Merseyside Maritime Museum reveals 500 years of Black British seafaring
Black Salt: Britain’s Black Sailors reveals the contribution Black seafarers have made to some of the most significant maritime events of the past 500 years. The exhibition opens at Merseyside Maritime Museum on Friday 29 September 2017.
The exhibition is based on the book Black Salt: Seafarers of African Descent on British Ships, by historian Ray Costello. It will combine personal stories, historic data, objects and memorabilia to chart a course through the often troubled waters of Britain’s maritime past to explore the work of Black sailors. Historically overlooked, Black Salt shows how Black seafarers contended with the dangers and hazards of life at sea, and challenged inequality on board and ashore.
The painting The Death of Nelson by Daniel Maclise (which normally hangs at the Walker Art Gallery), shows that there were sailors of African descent who fought at the Battle of Trafalgar. Displays examine the turmoil between communities and social change during the twentieth century, with examples from the 1919 race riots archives and the work of leading Black Activist, Chris Braithwaite, who campaigned for seafaring workers’ rights.
Exhibition curator, Ian Murphy said:
“As well as revealing that there have long been Black seafarers, visitors may be interested to see that there are Liverpool stories in Black Salt: Britain’s Black Sailors. Joseph Gibson served in the merchant navy and fought in the First World War, and generations of both the Quarless and Savage families worked at sea. Their experiences are told through personal items including service books and medals.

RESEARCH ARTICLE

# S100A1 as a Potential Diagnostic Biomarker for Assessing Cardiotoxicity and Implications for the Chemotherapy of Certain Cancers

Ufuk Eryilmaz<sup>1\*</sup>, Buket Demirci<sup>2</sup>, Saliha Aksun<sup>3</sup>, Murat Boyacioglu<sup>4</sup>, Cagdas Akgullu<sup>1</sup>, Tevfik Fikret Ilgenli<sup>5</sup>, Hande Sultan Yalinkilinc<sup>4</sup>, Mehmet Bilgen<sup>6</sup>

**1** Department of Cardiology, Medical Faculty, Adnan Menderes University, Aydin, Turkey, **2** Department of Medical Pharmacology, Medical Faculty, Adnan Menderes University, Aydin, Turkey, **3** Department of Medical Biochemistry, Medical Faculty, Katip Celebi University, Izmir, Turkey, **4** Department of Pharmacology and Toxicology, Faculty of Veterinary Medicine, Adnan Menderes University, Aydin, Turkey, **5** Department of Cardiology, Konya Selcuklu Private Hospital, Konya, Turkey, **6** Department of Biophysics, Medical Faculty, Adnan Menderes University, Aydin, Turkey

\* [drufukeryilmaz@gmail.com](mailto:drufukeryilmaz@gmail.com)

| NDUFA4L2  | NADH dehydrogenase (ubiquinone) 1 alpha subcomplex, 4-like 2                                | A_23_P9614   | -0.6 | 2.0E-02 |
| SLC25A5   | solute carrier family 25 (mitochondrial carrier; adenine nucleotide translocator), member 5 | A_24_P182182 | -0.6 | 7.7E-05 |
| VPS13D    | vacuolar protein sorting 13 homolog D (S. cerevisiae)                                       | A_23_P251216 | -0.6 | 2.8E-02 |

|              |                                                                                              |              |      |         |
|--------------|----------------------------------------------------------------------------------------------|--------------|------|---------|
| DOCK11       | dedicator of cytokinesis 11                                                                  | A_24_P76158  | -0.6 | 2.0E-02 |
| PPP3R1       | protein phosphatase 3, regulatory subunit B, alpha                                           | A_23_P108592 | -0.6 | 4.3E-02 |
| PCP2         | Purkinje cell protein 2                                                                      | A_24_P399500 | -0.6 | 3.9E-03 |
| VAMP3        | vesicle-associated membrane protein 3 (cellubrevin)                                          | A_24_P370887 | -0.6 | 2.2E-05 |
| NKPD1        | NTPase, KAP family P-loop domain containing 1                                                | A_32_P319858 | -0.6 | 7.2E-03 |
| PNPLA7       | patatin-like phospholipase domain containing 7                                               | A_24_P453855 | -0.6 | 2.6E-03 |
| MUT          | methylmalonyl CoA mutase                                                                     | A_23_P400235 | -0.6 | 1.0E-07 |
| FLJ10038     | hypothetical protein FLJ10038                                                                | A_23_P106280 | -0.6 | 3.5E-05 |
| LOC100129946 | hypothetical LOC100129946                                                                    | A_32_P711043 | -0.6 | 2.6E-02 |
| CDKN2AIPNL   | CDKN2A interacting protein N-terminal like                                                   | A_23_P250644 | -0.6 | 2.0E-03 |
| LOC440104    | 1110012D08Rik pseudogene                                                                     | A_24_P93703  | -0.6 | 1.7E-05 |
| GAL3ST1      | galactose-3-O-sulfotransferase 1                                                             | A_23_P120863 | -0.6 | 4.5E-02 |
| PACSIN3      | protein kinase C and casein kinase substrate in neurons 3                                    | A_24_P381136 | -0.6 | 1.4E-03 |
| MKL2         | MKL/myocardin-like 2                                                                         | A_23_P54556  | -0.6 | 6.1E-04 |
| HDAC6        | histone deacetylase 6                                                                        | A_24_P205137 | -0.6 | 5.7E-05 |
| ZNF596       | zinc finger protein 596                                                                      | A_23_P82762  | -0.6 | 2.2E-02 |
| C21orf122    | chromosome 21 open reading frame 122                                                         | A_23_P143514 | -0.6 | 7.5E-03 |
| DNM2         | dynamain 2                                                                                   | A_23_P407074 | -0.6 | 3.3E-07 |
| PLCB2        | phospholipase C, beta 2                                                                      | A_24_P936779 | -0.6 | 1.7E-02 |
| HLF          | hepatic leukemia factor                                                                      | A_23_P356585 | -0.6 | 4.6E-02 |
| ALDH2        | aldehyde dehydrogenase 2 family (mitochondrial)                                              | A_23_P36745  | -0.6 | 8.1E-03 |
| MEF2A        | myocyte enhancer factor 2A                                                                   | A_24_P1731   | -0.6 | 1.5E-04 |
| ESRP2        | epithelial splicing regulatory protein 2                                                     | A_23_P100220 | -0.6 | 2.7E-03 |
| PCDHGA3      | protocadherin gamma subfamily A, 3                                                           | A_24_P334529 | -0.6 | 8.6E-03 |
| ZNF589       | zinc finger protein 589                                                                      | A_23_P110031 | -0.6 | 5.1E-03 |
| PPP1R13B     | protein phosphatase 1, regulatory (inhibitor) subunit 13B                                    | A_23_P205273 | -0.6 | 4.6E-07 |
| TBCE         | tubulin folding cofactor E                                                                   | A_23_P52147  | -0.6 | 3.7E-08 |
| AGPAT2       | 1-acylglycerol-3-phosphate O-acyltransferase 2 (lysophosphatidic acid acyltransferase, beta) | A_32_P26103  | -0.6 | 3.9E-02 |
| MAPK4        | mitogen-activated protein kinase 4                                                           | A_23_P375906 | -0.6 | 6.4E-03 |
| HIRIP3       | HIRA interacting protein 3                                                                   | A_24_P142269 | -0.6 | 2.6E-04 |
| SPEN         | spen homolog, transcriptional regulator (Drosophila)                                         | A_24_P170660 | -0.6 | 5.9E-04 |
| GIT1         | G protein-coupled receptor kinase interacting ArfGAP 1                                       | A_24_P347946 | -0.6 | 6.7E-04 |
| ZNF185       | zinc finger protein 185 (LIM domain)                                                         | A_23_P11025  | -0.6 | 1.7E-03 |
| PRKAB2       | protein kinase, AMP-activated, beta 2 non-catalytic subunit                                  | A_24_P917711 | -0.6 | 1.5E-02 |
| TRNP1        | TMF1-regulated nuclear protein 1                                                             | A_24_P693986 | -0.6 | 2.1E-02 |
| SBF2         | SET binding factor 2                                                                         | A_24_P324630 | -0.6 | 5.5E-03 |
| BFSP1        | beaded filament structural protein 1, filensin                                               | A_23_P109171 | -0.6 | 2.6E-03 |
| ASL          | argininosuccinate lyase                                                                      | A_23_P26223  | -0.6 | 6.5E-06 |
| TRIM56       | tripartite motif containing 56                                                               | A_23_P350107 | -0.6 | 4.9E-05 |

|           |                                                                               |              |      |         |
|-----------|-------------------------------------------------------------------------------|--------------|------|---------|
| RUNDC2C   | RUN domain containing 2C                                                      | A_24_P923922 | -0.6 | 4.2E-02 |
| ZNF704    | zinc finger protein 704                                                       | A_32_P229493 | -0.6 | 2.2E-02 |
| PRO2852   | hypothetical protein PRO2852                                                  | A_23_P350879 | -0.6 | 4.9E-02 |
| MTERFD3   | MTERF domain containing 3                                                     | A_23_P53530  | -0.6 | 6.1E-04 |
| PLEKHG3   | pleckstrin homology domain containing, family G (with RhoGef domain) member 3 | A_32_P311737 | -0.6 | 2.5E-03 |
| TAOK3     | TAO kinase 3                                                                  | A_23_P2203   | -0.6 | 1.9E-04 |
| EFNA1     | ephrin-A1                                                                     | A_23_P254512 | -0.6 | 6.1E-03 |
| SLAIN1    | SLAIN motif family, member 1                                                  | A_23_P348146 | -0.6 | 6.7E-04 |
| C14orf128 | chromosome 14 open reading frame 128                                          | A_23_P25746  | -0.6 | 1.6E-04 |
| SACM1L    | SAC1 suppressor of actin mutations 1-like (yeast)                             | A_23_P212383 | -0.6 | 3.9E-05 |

“Elder Dempster shipping line operated one of its routes from Liverpool to the West Indies for 30 years from 1931. The exhibition features collections relating to the company which, from the 1950s and 1960s at the height of trade, employed more than 4000 people including 1400 Nigerians and 400 workers from Sierra Leone.”
Black Salt: Britain’s Black Sailors brings the Black seafaring experience up to date with a display about current sailors including a profile on Belinda Bennett, who in 2016 became the first Black female captain, working in the cruise industry.
Ray Costello said:
“Generations of Black seamen have been serving on British ships for hundreds of years, yet aside from a few examples, they and Britain’s Black population have largely been overlooked by historians. The Black Salt exhibition reveals the legacy of those sailors, many of whom signed off in British ports, which then saw the steady growth of Black populations in cities such as Cardiff, London and of course, Liverpool. Their experiences span the gamut of sorrow and tragedy, heroism, victory and triumph”.
Ray’s book Black Salt: Seafarers of African Descent on British Ships is published by Liverpool University Press and is available now.